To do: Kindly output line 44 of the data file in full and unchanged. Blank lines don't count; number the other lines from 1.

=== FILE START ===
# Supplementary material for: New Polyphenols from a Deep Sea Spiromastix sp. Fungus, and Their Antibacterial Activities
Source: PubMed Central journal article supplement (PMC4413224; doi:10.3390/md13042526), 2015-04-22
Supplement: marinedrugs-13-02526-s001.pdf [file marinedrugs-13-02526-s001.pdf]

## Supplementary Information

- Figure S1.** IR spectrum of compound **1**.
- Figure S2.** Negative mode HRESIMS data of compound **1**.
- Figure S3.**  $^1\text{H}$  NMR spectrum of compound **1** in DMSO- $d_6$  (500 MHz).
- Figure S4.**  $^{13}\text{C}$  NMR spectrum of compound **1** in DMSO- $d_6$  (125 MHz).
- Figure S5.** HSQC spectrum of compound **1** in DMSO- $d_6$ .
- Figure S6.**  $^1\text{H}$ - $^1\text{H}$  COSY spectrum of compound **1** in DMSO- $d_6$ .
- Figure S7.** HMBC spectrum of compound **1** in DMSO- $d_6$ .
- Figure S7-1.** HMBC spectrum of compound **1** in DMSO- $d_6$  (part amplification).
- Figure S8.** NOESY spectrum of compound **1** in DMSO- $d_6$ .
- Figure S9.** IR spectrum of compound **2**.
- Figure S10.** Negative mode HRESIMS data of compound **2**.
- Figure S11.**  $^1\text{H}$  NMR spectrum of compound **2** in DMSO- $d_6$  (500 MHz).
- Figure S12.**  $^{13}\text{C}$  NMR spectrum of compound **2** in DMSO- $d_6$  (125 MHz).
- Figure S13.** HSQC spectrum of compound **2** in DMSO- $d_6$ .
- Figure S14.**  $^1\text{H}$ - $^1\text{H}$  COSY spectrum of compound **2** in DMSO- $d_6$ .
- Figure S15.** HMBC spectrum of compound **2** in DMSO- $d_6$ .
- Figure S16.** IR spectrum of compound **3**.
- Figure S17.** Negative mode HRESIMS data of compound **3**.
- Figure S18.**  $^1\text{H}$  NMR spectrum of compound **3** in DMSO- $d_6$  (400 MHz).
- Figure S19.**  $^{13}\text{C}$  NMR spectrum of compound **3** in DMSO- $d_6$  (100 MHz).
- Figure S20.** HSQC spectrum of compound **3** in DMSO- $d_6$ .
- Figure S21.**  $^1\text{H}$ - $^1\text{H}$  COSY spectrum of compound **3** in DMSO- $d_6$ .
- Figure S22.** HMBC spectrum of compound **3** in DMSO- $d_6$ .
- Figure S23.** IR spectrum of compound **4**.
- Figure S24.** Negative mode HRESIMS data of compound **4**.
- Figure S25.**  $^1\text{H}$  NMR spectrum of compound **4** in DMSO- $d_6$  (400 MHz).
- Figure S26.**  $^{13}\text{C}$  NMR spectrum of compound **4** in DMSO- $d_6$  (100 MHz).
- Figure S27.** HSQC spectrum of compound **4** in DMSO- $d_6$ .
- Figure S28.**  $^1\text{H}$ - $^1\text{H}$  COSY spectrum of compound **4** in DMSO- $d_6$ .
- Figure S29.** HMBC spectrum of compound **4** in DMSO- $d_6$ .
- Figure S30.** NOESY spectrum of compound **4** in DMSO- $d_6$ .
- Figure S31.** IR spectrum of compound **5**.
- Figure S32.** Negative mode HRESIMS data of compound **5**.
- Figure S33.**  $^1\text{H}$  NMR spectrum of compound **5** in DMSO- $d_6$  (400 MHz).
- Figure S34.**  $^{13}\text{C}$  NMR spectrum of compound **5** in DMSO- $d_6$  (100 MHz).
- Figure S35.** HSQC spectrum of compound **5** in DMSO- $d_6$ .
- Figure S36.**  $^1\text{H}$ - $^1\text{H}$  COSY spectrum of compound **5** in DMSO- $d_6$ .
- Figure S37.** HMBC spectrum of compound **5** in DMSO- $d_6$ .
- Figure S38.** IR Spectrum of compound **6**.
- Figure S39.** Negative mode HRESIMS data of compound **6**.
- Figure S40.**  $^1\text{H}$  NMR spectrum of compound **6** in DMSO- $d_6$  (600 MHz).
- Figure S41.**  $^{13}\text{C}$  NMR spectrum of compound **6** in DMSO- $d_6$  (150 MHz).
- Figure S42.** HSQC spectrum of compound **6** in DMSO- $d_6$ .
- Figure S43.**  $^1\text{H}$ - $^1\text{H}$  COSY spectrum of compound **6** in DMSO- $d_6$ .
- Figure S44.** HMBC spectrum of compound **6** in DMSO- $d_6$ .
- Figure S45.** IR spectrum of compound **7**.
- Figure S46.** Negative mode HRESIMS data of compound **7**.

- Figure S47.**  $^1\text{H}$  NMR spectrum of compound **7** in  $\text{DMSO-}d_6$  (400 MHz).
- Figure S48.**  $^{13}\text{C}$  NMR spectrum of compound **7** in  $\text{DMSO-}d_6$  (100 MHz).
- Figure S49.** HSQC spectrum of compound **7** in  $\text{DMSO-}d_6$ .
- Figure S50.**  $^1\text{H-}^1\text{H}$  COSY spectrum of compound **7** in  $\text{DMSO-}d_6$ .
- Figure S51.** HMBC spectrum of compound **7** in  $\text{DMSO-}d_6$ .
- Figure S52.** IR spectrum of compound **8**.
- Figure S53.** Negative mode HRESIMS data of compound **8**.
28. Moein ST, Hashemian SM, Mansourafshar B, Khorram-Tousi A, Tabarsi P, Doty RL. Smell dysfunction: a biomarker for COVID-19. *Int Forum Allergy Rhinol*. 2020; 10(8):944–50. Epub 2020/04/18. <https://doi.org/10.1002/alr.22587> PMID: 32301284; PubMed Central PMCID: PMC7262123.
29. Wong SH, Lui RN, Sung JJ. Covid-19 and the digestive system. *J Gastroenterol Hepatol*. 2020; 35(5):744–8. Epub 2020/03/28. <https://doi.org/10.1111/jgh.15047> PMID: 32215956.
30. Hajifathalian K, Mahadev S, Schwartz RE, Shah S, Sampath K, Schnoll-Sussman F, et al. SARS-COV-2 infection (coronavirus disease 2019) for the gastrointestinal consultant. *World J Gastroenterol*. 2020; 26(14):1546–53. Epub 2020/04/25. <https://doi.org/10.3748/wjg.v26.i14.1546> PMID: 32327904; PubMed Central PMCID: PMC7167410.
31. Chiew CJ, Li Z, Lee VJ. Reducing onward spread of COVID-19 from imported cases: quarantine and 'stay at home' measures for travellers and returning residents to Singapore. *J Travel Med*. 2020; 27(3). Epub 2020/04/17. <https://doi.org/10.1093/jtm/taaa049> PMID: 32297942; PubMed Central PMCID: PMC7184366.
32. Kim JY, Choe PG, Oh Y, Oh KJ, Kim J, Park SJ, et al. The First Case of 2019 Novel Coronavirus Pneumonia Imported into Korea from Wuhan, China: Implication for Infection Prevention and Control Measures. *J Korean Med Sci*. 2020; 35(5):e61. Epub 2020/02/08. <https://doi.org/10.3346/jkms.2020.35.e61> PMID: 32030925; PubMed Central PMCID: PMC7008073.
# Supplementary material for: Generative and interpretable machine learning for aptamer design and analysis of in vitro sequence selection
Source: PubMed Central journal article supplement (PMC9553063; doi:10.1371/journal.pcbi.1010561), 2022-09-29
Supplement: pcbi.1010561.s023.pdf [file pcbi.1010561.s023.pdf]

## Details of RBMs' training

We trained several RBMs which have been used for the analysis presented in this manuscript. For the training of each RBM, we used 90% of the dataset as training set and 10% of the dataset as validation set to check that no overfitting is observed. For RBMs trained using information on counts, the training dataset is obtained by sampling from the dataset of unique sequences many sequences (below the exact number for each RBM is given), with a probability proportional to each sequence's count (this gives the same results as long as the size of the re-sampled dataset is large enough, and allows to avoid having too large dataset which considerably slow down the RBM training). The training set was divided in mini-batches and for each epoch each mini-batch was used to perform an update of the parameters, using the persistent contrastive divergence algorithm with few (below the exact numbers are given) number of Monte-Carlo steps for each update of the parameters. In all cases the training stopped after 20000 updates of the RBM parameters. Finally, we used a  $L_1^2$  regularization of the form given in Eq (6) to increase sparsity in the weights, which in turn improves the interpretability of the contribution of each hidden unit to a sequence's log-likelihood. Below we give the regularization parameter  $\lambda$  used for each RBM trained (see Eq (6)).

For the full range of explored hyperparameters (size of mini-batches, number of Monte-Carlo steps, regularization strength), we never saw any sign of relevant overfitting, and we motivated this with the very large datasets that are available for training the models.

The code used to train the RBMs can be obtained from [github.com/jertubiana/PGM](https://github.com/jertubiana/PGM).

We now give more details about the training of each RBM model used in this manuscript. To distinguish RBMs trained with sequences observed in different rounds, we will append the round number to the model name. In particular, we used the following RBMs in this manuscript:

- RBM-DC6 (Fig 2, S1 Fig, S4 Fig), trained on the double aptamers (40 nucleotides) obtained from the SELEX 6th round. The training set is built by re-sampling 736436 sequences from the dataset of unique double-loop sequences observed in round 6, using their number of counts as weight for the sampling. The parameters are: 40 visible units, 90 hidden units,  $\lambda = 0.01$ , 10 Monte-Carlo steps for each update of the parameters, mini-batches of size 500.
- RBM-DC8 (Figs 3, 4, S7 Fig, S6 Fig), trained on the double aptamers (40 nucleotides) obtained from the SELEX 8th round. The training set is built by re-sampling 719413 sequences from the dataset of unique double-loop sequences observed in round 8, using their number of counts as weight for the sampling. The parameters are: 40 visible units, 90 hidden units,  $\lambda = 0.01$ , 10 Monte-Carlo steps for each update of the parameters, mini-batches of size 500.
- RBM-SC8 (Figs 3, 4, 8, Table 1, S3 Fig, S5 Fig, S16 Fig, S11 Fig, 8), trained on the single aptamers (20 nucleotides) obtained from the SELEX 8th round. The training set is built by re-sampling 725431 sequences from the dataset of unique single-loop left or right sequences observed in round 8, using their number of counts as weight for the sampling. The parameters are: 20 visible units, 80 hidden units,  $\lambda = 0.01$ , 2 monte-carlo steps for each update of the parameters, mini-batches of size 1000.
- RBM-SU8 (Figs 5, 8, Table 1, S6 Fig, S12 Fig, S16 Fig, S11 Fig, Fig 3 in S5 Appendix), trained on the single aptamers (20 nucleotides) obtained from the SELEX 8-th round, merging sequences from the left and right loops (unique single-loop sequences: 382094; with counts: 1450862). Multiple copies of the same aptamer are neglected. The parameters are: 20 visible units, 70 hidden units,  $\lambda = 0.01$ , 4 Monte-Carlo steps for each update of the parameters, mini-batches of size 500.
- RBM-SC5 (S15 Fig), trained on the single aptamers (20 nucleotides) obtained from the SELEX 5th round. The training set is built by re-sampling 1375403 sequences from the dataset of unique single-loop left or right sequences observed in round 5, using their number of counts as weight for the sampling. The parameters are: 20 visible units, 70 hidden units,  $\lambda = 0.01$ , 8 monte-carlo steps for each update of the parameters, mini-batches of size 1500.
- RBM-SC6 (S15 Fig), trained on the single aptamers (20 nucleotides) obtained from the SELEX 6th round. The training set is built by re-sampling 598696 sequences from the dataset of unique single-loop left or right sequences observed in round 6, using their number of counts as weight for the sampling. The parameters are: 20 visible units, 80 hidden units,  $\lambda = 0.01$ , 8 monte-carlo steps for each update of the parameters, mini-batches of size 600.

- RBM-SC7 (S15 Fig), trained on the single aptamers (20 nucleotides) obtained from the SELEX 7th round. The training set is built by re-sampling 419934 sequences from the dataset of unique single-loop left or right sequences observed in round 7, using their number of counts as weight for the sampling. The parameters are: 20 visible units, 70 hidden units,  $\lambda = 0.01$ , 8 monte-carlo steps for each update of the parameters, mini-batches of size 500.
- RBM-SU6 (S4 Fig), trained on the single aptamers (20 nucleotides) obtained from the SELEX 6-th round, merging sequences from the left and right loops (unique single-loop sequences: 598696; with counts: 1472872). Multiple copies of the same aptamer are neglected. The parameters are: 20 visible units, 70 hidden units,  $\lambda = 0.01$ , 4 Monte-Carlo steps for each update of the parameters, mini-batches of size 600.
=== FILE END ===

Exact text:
- Figure S39.** Negative mode HRESIMS data of compound **6**.